An ineffective solution to the malaria problem
The next great globalist scam to steal your money and make you feel good about it has to do with fighting malaria in Africa. President Bush is part of the plot — as are Paul Wolfowitz, president of the World Bank, Melinda Gates, co-chairwoman of the Bill and Melinda Gates Foundation, Dr. Steven Phillips, medical director of Exxon Mobil Corp., Ann Veneman, head of UNICEF, and my old buddy Rick Warren, pastor of the Saddleback Church.
First of all, on two things we all agree: Africa has a serious malaria problem, and malaria can be beaten. Every minute, two African children die of the mosquito-borne plague. It doesn’t have to be this way.
“It is possible to eliminate malaria,” Mr. Bush said at the White House Summit on Malaria. “We know exactly what it will take to prevent and treat the disease [. . .] It is not going to require a miracle. It requires smart, sustained effort.”
Again, I agree. But the approach being adopted to defeat malaria is not smart, not cost-effective and not strong enough.
While Mr. Bush has already spent $1.2 billion in taxpayer dollars on his ill-conceived scheme, he knows it’s not enough. In fact, with his approach, there will never be enough money spent to eliminate the disease. So he’s coming back for more in a massive public relations blitz called “Malaria No More.”
Over the next few years, while African children continue to die by the minute, you will be asked, cajoled and browbeaten into voluntarily contributing more of your hard-earned cash to another war that will never be won.
Specifically, what you will be asked to do is to buy a $10 bed net treated with insecticide to prevent mosquitoes from biting some poor African at night. That’s the plan, baby. That’s the whole program.
By the way, the $10 nets only cost about $5. So what’s the rest of the dough for? Your guess is as good as mine.
Now, there are a few obvious problems with this campaign:
● Just buying Africans nets doesn’t ensure they will be used.
● Mosquitoes bite while people are awake and active, not just when they are asleep.
● Relying on bed nets to stop malaria is like relying on condoms to prevent AIDS.
● There are more cost-effective ways to keep people from being bitten by malaria-carrying mos- quitoes — killing the bugs and their larvae. So, what’s the better solution? You’re not going to like hearing this. The answer is three letters that have been demonized by the same kind of do-gooders who want to buy every African a bed net. It’s called DDT. The very name of this pesticide conjures fears among people too young to remember exactly what a miracle wonder this pesticide was through the 1960s.
Up until the 1960s, malaria was perhaps the biggest killer in the world. Tens of millions of people would die every year.
What happened? The disease was virtually wiped out in the United States in the 1950s and 1960s. How?
According to the Centers for Disease Control, credit goes to the draining of vast wetland areas, usually to make room for housing developments, and extensive DDT spraying.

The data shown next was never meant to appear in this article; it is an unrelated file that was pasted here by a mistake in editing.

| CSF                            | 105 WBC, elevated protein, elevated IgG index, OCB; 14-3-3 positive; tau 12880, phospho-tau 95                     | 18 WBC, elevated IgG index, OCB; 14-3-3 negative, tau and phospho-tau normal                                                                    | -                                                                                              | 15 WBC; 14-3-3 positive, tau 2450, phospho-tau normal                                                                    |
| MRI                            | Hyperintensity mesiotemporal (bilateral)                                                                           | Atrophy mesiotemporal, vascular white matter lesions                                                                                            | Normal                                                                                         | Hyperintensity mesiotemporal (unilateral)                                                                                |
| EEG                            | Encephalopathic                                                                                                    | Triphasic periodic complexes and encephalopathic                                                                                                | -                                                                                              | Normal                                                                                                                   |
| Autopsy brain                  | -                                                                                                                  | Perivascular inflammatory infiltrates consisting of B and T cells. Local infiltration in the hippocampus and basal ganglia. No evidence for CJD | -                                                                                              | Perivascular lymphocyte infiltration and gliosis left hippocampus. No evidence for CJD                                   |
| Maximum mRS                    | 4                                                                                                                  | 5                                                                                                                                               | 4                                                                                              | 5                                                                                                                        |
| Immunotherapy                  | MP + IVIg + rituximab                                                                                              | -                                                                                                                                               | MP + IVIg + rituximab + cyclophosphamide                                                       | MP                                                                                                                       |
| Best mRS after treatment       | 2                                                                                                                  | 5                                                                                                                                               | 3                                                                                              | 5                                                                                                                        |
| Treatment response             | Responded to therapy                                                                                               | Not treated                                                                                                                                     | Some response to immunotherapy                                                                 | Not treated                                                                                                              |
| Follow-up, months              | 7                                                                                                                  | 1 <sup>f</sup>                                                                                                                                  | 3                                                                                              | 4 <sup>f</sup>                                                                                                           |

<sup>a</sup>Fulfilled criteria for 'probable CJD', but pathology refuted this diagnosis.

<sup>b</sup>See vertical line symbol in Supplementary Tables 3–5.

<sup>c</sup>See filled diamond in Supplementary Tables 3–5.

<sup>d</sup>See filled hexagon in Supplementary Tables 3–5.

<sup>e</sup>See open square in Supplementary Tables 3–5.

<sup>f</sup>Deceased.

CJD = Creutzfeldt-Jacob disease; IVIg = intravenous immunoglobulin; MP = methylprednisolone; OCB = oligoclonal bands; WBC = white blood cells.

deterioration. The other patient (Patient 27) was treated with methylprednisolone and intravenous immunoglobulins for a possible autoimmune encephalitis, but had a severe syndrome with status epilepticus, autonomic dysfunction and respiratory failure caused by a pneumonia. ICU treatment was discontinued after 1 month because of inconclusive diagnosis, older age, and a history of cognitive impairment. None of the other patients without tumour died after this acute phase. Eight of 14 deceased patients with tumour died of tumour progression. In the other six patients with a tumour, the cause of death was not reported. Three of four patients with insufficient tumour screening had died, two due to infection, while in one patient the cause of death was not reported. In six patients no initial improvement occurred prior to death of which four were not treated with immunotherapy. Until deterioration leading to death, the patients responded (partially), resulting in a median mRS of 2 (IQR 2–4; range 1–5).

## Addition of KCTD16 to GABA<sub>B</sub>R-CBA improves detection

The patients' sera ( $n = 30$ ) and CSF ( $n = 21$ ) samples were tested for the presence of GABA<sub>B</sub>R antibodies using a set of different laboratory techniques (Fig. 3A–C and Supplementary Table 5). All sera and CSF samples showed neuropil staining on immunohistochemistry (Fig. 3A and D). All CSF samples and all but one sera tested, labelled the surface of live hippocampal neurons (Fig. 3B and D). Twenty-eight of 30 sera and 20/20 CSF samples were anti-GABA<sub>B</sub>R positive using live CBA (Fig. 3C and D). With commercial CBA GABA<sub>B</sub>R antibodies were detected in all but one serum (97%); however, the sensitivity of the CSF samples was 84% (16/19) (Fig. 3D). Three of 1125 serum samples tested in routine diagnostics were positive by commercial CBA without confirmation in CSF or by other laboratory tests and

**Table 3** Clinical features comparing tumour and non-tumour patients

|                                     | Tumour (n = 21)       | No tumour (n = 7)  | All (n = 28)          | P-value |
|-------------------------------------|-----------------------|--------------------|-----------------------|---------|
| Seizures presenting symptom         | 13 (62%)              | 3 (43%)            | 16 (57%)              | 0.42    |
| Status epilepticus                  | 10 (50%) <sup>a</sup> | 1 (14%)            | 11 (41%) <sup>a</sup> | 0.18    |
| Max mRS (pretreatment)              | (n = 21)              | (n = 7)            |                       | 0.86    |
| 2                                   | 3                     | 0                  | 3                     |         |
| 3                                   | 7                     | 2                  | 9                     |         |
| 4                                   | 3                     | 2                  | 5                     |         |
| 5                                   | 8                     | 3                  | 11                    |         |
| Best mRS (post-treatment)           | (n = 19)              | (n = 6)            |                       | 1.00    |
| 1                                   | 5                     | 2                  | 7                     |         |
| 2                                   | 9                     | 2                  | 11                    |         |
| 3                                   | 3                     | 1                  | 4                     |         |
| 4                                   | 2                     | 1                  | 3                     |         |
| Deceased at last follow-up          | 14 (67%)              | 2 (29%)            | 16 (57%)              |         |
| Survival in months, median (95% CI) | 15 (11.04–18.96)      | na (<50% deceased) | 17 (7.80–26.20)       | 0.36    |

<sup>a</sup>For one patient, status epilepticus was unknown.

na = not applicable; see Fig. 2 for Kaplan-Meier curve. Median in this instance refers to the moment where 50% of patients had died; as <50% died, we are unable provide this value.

But malaria is indeed rearing its ugly head again around the world. Millions are dying because of the bans and restrictions placed on the production and use of DDT.
You want to conquer malaria? Don’t fight with one hand tied behind your back. Nuke the suckers that cause it with DDT. It actually works and costs less than hundreds of millions of bed nets. DDT is one of the greatest chemical accomplishments in the his- tory of mankind.
You’ve been conditioned to think of DDT as an abhorrent toxic agent that caused cancer and nearly wiped out the bald eagle. Nonsense. Junk science. Hysteria.
DDT saved lives and reduced human suffering. It could do so again, if only people would wake up and stop believing propaganda spoon-fed to them by those whose only goal must be to reduce the world’s human population by any means necessary.
Here’s what the National Academy of Sciences had to say about the chemical as late as 1970: “To only a few chemicals does man owe as great a debt as to DDT [. . .] In a little more than two decades, DDT has prevented 500 million human deaths, due to malaria, that otherwise would have been inevitable.”
What about cancer? I knew one of the scientists responsible for creating DDT. His name was Dr. Joseph Jacobs. Late in his 80s, he told me stories about falling into a vat of DDT and emerging unscathed.
The truth is that population-control advocates decided in the late 1960s that overpopulation must be prevented. The best way, they determined, was to let children in poor nations die of malaria by the millions.
Extensive hearings were held on DDT before an Environmental Protection Agency administrative law judge, Edmund Sweeney, who concluded in 1972, “DDT is not a carcinogenic hazard to man [. . .] DDT is not a mutagenic or teratogenic hazard to man [. . .] the uses of DDT under the regulations involved here do not have a deleterious effect on freshwater fish, estuarine organisms, wild birds or other wildlife.”
But the EPA hearing examiner was overruled by EPA administrator William Ruckelshaus — a lawyer and politician, not a scientist. He reportedly did not attend a single hour of the seven months of hearings, nor did he read any of the transcripts, according to aides.
The latest scientific study on DDT, published in 1985, found no correlation between DDT and cancer. A 1972 study actually found it reduced tumors in animals.
I don’t expect Mr. Bush to read this column and have an epiphany. But I thought you would like to know the truth about malaria and DDT. Because any day now someone will come knocking on your door asking you to buy a bed net for an African child.
While I know this is the feel-good season and everyone wants to believe they can help solve every problem in the world, save your money. This is not the solution. This is part of the problem.
Joseph Farah is a nationally syndicated columnist.